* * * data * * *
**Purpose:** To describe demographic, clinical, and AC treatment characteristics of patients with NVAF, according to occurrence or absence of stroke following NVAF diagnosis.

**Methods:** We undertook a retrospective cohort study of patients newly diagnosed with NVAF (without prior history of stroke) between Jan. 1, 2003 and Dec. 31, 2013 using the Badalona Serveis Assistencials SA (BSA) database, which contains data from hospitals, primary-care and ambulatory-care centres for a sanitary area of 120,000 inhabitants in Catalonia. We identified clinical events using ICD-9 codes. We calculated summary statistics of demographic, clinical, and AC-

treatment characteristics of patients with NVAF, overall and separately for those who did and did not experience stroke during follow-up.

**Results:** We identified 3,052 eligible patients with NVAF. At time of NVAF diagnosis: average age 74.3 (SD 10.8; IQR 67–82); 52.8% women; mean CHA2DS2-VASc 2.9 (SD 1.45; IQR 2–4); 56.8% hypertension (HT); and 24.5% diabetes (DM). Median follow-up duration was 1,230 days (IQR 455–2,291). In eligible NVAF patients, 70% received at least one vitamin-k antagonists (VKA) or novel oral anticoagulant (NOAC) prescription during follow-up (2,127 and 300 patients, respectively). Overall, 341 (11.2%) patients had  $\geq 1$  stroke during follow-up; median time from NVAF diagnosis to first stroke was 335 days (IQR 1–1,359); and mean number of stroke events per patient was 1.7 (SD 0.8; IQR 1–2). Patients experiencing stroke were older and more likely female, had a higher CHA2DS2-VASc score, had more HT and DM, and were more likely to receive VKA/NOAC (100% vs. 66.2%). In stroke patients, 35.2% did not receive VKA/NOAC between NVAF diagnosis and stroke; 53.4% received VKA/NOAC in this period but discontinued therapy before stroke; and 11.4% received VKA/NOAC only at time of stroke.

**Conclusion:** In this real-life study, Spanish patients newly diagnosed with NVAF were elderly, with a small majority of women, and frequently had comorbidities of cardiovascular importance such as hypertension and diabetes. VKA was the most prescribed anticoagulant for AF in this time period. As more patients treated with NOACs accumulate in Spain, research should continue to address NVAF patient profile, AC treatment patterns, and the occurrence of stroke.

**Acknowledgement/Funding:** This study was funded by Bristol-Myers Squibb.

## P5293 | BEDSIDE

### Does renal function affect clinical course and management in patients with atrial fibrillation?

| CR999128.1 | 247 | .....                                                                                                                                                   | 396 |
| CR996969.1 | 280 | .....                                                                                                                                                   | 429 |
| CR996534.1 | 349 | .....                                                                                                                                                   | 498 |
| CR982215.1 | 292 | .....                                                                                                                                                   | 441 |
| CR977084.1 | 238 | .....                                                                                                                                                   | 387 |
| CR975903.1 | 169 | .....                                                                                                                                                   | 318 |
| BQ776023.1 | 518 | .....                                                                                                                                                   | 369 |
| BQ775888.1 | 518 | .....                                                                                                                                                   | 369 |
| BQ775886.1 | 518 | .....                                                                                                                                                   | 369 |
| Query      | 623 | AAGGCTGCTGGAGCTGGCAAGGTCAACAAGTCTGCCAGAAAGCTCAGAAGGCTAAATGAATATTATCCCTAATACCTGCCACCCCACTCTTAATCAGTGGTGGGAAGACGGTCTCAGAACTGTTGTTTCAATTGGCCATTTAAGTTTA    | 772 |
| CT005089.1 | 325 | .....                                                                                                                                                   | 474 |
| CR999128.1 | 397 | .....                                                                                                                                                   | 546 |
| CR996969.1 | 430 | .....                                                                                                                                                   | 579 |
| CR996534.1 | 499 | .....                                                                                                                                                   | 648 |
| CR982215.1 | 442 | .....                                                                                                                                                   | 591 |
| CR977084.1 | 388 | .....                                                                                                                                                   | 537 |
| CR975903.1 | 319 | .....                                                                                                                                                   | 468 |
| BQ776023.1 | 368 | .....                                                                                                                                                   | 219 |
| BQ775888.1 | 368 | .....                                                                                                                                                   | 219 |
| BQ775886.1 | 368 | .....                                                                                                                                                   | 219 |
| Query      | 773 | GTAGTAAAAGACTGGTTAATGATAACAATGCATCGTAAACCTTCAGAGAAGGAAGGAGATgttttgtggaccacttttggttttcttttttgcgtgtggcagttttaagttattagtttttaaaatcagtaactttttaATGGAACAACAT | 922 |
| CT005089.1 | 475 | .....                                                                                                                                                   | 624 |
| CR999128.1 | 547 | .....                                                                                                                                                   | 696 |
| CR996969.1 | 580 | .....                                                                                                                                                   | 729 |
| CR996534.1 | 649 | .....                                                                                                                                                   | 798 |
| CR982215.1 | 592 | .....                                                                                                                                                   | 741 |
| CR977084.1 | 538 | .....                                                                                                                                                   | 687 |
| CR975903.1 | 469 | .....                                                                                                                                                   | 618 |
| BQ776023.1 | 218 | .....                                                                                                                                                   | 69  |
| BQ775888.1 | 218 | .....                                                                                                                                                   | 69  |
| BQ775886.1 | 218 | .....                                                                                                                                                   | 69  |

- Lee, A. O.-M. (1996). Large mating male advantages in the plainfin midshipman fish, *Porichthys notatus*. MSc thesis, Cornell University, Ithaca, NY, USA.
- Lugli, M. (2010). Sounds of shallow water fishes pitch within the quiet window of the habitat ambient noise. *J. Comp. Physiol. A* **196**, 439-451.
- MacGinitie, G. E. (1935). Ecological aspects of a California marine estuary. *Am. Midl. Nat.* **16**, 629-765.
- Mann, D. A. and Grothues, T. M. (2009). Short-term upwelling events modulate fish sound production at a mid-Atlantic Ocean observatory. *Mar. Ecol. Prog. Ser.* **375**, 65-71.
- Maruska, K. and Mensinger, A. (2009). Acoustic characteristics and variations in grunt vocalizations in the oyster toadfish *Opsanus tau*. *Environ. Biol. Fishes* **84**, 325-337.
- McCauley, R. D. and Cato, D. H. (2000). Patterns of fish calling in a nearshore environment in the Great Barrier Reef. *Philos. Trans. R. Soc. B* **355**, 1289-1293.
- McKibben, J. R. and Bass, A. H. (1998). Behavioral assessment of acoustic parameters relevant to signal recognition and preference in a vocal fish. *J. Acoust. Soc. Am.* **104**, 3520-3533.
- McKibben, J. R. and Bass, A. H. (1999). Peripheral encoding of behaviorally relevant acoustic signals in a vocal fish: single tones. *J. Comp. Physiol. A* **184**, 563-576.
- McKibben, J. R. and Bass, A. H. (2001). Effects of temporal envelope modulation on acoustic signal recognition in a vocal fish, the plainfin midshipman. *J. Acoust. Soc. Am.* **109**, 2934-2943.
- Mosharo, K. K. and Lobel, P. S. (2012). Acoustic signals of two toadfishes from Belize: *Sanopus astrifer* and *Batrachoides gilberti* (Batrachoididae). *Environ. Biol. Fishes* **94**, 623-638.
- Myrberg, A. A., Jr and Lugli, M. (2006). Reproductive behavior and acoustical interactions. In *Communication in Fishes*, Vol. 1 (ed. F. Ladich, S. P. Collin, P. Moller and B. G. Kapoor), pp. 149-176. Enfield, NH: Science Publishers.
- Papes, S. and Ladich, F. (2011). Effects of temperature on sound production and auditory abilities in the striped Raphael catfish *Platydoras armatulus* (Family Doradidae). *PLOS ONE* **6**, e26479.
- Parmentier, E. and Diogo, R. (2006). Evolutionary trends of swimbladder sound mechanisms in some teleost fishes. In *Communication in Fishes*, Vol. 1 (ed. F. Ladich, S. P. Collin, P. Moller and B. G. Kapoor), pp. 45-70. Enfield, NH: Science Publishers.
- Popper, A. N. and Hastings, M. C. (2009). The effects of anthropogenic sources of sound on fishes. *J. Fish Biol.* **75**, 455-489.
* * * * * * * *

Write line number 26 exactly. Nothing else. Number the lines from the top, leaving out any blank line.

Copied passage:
| BQ776023.1 | 368 | .....                                                                                                                                                   | 219 |